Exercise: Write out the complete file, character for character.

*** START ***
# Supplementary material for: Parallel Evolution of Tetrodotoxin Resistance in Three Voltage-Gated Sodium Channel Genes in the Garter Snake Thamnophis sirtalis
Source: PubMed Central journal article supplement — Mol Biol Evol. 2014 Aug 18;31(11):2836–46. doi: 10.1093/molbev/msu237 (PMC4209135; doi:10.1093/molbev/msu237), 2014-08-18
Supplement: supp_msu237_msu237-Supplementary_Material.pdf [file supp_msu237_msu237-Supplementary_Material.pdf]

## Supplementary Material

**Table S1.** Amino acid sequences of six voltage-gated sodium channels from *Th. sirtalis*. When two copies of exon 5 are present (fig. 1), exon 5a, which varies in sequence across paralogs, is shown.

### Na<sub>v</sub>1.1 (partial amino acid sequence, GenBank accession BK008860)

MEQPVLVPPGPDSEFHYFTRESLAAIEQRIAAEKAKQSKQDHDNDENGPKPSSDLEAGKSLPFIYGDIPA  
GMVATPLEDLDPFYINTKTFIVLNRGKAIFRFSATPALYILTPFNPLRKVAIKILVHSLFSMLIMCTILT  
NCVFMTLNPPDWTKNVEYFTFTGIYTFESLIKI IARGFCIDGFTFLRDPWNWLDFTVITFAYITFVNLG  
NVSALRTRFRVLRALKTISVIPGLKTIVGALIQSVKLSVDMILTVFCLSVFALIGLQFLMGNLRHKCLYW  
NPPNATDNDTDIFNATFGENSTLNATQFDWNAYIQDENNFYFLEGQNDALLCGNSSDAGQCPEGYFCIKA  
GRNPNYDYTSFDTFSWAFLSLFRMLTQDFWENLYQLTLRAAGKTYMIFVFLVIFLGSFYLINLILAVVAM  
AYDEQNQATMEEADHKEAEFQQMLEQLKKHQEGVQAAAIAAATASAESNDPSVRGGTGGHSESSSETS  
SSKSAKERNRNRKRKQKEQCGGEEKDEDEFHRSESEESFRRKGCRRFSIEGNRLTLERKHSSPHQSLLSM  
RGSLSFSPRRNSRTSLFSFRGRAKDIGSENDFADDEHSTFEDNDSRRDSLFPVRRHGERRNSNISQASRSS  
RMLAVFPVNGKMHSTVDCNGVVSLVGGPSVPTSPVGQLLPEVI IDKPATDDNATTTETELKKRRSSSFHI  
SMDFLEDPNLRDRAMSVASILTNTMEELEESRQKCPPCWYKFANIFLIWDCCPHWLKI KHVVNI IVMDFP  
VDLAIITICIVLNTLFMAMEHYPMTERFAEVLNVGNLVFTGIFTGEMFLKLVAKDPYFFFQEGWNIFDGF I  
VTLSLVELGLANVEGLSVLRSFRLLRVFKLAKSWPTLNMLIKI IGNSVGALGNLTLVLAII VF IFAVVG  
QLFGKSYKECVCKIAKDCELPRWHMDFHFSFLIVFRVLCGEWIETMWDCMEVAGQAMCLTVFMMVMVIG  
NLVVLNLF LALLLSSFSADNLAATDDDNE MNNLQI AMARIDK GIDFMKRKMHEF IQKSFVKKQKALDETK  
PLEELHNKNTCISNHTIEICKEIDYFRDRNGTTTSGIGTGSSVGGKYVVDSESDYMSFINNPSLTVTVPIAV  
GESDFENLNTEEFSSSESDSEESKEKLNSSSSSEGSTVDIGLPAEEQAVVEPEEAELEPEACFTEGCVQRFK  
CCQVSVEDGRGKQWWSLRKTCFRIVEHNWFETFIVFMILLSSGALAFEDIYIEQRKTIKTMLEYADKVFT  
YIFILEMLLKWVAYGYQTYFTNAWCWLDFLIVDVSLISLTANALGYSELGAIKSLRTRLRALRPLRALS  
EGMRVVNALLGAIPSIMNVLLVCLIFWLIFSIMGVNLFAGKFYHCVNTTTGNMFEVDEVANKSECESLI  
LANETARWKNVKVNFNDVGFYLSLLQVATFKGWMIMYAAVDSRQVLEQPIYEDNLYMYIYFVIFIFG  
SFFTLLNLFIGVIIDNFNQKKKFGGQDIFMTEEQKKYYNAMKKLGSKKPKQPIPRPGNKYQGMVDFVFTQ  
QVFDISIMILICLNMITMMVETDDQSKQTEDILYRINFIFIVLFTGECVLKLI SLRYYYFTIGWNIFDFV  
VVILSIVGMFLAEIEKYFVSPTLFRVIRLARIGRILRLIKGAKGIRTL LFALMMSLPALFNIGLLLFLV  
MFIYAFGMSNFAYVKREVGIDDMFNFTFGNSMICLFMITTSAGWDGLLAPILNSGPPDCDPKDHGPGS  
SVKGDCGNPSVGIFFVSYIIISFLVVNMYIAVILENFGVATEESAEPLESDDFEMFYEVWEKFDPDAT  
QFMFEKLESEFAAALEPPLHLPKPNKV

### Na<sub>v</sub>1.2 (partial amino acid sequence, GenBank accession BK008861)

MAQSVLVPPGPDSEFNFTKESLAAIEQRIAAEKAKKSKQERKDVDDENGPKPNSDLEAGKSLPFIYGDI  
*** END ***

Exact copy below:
# Supplementary material for: Parallel Evolution of Tetrodotoxin Resistance in Three Voltage-Gated Sodium Channel Genes in the Garter Snake Thamnophis sirtalis
Source: PubMed Central journal article supplement — Mol Biol Evol. 2014 Aug 18;31(11):2836–46. doi: 10.1093/molbev/msu237 (PMC4209135; doi:10.1093/molbev/msu237), 2014-08-18
Supplement: supp_msu237_msu237-Supplementary_Material.pdf [file supp_msu237_msu237-Supplementary_Material.pdf]

## Supplementary Material

**Table S1.** Amino acid sequences of six voltage-gated sodium channels from *Th. sirtalis*. When two copies of exon 5 are present (fig. 1), exon 5a, which varies in sequence across paralogs, is shown.

### Na<sub>v</sub>1.1 (partial amino acid sequence, GenBank accession BK008860)

MEQPVLVPPGPDSEFHYFTRESLAAIEQRIAAEKAKQSKQDHDNDENGPKPSSDLEAGKSLPFIYGDIPA  
GMVATPLEDLDPFYINTKTFIVLNRGKAIFRFSATPALYILTPFNPLRKVAIKILVHSLFSMLIMCTILT  
NCVFMTLNPPDWTKNVEYFTFTGIYTFESLIKI IARGFCIDGFTFLRDPWNWLDFTVITFAYITFVNLG  
NVSALRTRFRVLRALKTISVIPGLKTIVGALIQSVKLSVDMILTVFCLSVFALIGLQFLMGNLRHKCLYW  
NPPNATDNDTDIFNATFGENSTLNATQFDWNAYIQDENNFYFLEGQNDALLCGNSSDAGQCPEGYFCIKA  
GRNPNYDYTSFDTFSWAFLSLFRMLTQDFWENLYQLTLRAAGKTYMIFVFLVIFLGSFYLINLILAVVAM  
AYDEQNQATMEEADHKEAEFQQMLEQLKKHQEGVQAAAIAAATASAESNDPSVRGGTGGHSESSSETS  
SSKSAKERNRNRKRKQKEQCGGEEKDEDEFHRSESEESFRRKGCRRFSIEGNRLTLERKHSSPHQSLLSM  
RGSLSFSPRRNSRTSLFSFRGRAKDIGSENDFADDEHSTFEDNDSRRDSLFPVRRHGERRNSNISQASRSS  
RMLAVFPVNGKMHSTVDCNGVVSLVGGPSVPTSPVGQLLPEVI IDKPATDDNATTTETELKKRRSSSFHI  
SMDFLEDPNLRDRAMSVASILTNTMEELEESRQKCPPCWYKFANIFLIWDCCPHWLKI KHVVNI IVMDFP  
VDLAIITICIVLNTLFMAMEHYPMTERFAEVLNVGNLVFTGIFTGEMFLKLVAKDPYFFFQEGWNIFDGF I  
VTLSLVELGLANVEGLSVLRSFRLLRVFKLAKSWPTLNMLIKI IGNSVGALGNLTLVLAII VF IFAVVG  
QLFGKSYKECVCKIAKDCELPRWHMDFHFSFLIVFRVLCGEWIETMWDCMEVAGQAMCLTVFMMVMVIG  
NLVVLNLF LALLLSSFSADNLAATDDDNE MNNLQI AMARIDK GIDFMKRKMHEF IQKSFVKKQKALDETK  
PLEELHNKNTCISNHTIEICKEIDYFRDRNGTTTSGIGTGSSVGGKYVVDSESDYMSFINNPSLTVTVPIAV  
GESDFENLNTEEFSSSESDSEESKEKLNSSSSSEGSTVDIGLPAEEQAVVEPEEAELEPEACFTEGCVQRFK  
CCQVSVEDGRGKQWWSLRKTCFRIVEHNWFETFIVFMILLSSGALAFEDIYIEQRKTIKTMLEYADKVFT  
YIFILEMLLKWVAYGYQTYFTNAWCWLDFLIVDVSLISLTANALGYSELGAIKSLRTRLRALRPLRALS  
EGMRVVNALLGAIPSIMNVLLVCLIFWLIFSIMGVNLFAGKFYHCVNTTTGNMFEVDEVANKSECESLI  
LANETARWKNVKVNFNDVGFYLSLLQVATFKGWMIMYAAVDSRQVLEQPIYEDNLYMYIYFVIFIFG  
SFFTLLNLFIGVIIDNFNQKKKFGGQDIFMTEEQKKYYNAMKKLGSKKPKQPIPRPGNKYQGMVDFVFTQ  
QVFDISIMILICLNMITMMVETDDQSKQTEDILYRINFIFIVLFTGECVLKLI SLRYYYFTIGWNIFDFV  
VVILSIVGMFLAEIEKYFVSPTLFRVIRLARIGRILRLIKGAKGIRTL LFALMMSLPALFNIGLLLFLV  
MFIYAFGMSNFAYVKREVGIDDMFNFTFGNSMICLFMITTSAGWDGLLAPILNSGPPDCDPKDHGPGS  
SVKGDCGNPSVGIFFVSYIIISFLVVNMYIAVILENFGVATEESAEPLESDDFEMFYEVWEKFDPDAT  
QFMFEKLESEFAAALEPPLHLPKPNKV

### Na<sub>v</sub>1.2 (partial amino acid sequence, GenBank accession BK008861)

MAQSVLVPPGPDSEFNFTKESLAAIEQRIAAEKAKKSKQERKDVDDENGPKPNSDLEAGKSLPFIYGDI  